Alex Salvi: I think that's a good point too and especially when you acknowledge the approval rating by some members of Congress. I mean, you hear about the president's approval rating, and they're always complaining about how it's maybe in the low 40s. Sometimes Congress as a whole, their approval rating is something like in the low 20s. I mean, people do not like Congress and especially the way you see it right now. I mean, no legislation is coming out of either body because the House can't get along with the Senate and vice versa. It's just a stalemate altogether. So I want to speak about this bigger picture of what it means entirely. Do you think that Americans are getting tired of the idea of just stalemates? Do you think that eventually this partisan gridlock will be put to the sides and people will want just a moderate person to get something done?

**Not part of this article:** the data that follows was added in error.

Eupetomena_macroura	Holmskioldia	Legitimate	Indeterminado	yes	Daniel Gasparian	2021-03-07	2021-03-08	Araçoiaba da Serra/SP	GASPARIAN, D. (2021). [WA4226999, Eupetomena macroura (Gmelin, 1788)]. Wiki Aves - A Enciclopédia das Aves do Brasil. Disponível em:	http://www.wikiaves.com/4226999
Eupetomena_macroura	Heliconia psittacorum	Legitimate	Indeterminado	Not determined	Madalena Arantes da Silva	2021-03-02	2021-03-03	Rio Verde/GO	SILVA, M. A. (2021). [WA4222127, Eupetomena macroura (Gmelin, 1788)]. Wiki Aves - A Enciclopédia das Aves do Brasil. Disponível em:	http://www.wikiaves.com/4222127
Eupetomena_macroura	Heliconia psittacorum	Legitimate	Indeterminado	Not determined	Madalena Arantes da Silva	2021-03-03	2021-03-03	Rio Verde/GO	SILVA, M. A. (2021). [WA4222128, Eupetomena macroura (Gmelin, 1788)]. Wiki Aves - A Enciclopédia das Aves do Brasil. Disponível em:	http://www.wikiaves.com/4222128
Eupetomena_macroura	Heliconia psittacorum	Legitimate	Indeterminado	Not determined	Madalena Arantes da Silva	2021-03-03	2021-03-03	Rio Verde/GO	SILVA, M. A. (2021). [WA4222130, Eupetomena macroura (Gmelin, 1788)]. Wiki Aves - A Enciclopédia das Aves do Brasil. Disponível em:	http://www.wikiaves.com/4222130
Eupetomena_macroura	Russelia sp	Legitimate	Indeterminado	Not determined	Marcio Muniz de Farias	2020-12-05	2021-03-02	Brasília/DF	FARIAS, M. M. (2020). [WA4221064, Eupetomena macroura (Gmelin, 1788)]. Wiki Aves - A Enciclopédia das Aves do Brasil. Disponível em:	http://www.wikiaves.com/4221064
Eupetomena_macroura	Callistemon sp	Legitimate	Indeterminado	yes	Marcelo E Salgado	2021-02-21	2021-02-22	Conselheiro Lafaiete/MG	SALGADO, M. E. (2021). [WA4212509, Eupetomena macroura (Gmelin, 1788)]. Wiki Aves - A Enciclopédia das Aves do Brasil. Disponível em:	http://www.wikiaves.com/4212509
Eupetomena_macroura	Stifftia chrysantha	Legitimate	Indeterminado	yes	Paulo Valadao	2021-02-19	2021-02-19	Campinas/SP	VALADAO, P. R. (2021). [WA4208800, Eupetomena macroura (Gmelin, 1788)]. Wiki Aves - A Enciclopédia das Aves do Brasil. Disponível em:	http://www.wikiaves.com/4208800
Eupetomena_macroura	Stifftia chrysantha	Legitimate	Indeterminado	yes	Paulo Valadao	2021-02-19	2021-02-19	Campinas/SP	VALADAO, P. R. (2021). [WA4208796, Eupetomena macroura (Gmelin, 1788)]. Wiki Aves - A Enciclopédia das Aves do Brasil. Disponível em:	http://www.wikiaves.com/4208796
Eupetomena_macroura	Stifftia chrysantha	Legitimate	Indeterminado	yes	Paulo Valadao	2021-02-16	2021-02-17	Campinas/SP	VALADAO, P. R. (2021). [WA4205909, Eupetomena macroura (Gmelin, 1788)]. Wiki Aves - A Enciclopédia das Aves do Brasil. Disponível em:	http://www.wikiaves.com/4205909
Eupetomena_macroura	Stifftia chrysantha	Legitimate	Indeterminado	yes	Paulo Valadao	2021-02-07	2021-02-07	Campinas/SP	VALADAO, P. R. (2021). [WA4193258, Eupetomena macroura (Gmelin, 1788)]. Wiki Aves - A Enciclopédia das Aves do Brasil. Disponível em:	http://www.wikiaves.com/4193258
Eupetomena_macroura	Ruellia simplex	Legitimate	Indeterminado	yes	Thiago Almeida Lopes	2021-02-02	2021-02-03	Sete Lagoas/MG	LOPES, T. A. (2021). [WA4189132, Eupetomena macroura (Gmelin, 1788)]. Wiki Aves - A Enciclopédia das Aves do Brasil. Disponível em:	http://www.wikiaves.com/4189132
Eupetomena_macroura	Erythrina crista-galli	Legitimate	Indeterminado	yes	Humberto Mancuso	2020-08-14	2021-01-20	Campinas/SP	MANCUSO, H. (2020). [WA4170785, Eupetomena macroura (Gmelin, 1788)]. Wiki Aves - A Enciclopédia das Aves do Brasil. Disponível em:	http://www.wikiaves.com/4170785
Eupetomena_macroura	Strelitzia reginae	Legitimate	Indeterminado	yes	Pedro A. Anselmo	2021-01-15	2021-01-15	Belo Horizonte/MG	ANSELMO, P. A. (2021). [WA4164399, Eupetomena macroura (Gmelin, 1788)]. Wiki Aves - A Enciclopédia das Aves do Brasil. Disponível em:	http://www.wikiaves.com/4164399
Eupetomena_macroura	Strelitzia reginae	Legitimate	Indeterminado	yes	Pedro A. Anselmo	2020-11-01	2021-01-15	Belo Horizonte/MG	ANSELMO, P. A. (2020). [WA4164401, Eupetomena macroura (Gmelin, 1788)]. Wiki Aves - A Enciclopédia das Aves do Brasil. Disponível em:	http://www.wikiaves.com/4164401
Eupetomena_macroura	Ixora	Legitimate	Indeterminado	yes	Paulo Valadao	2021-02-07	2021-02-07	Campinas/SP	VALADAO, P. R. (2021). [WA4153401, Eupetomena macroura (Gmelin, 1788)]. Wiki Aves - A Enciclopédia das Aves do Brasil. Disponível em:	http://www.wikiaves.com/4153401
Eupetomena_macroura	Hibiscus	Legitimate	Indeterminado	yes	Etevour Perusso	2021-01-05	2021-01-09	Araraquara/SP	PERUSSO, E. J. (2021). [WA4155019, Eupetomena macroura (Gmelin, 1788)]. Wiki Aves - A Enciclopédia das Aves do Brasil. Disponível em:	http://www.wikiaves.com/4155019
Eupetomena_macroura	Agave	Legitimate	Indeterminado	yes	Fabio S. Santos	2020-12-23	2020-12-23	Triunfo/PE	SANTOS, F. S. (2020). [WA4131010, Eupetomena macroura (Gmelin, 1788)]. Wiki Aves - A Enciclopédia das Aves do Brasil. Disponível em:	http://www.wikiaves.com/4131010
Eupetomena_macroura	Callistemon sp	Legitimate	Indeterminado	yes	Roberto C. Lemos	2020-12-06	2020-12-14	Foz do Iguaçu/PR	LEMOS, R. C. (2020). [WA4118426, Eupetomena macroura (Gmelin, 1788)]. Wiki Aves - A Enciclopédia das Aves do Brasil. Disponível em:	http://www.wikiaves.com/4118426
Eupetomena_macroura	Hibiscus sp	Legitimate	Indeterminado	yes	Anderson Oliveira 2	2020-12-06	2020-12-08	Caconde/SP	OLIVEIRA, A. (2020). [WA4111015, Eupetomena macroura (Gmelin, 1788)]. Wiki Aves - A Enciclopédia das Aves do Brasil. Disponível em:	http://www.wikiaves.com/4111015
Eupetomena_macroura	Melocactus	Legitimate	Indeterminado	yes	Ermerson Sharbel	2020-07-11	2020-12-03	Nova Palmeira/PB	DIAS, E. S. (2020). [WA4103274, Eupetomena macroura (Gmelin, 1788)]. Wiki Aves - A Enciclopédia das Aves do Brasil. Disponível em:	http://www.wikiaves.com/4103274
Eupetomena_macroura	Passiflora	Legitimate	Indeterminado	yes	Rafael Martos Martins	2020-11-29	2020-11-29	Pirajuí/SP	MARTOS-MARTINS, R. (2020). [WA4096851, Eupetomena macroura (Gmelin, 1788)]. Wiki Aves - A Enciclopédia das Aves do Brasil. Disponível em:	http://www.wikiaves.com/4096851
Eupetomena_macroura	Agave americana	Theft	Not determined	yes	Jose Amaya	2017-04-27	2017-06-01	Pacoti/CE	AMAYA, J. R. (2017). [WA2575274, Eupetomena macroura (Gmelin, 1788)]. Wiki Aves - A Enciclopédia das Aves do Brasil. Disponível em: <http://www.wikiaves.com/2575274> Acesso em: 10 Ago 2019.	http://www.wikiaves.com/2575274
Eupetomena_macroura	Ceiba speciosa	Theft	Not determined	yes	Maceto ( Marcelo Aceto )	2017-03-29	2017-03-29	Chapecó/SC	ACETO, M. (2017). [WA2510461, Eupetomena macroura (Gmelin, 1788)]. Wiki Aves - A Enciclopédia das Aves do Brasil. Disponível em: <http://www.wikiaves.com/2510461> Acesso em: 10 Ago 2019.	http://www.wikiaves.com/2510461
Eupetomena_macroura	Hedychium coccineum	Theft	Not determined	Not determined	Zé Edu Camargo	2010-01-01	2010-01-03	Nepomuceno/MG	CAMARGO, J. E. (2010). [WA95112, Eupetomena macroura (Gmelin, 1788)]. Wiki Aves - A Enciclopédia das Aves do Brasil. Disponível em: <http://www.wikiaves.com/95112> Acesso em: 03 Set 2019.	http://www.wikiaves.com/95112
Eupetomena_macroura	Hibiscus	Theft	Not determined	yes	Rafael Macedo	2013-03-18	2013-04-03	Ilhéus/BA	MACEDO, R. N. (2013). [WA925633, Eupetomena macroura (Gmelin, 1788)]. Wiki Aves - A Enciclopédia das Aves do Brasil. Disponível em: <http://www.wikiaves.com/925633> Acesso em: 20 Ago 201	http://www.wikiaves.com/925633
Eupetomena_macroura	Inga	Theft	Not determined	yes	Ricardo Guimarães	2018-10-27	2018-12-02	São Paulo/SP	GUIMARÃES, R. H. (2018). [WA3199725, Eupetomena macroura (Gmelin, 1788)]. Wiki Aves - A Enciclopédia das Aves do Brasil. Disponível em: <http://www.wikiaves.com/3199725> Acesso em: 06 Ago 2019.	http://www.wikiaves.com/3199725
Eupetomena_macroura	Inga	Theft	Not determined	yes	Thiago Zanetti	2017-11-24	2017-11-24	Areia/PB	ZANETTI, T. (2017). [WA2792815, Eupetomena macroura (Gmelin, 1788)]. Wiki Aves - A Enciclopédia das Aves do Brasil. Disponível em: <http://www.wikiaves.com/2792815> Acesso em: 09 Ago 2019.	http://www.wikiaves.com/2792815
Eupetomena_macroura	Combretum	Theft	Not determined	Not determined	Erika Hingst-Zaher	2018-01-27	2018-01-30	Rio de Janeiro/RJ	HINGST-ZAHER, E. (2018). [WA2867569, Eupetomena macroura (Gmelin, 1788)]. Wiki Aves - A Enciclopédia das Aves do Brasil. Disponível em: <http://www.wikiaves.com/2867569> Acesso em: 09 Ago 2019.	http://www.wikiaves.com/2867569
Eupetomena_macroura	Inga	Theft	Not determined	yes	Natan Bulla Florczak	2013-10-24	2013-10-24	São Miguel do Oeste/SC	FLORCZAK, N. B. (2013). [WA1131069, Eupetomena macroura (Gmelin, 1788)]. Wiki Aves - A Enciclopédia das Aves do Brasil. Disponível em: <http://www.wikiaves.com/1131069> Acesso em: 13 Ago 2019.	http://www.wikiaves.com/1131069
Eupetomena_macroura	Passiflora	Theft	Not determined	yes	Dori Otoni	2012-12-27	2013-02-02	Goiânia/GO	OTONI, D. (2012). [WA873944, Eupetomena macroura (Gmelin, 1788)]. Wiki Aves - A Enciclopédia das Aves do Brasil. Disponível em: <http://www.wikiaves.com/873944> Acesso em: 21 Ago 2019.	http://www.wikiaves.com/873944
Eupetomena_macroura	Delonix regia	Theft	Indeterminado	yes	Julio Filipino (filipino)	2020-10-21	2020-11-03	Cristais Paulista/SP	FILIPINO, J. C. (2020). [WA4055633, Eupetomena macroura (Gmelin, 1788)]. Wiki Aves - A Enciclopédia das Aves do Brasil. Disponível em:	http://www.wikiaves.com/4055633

Barry Nussbaum: Yeah. People always say the smart pundits know what's going on. America is a moderate country and significant political races, especially on a national scale like the presidential race, are decided from the middle. The partisans on the right extreme and the left extreme dominate the news cycles until the general elections, and then the moderates show up. And they're the ones that elected Trump last time. They're the ones that elected Barack Obama before that. So I don't see it as panic as much as it is a news cycle that needs something to be controversial about. And by the 20 20 November election time, the moderates will win and the wild left and the wild right will probably not.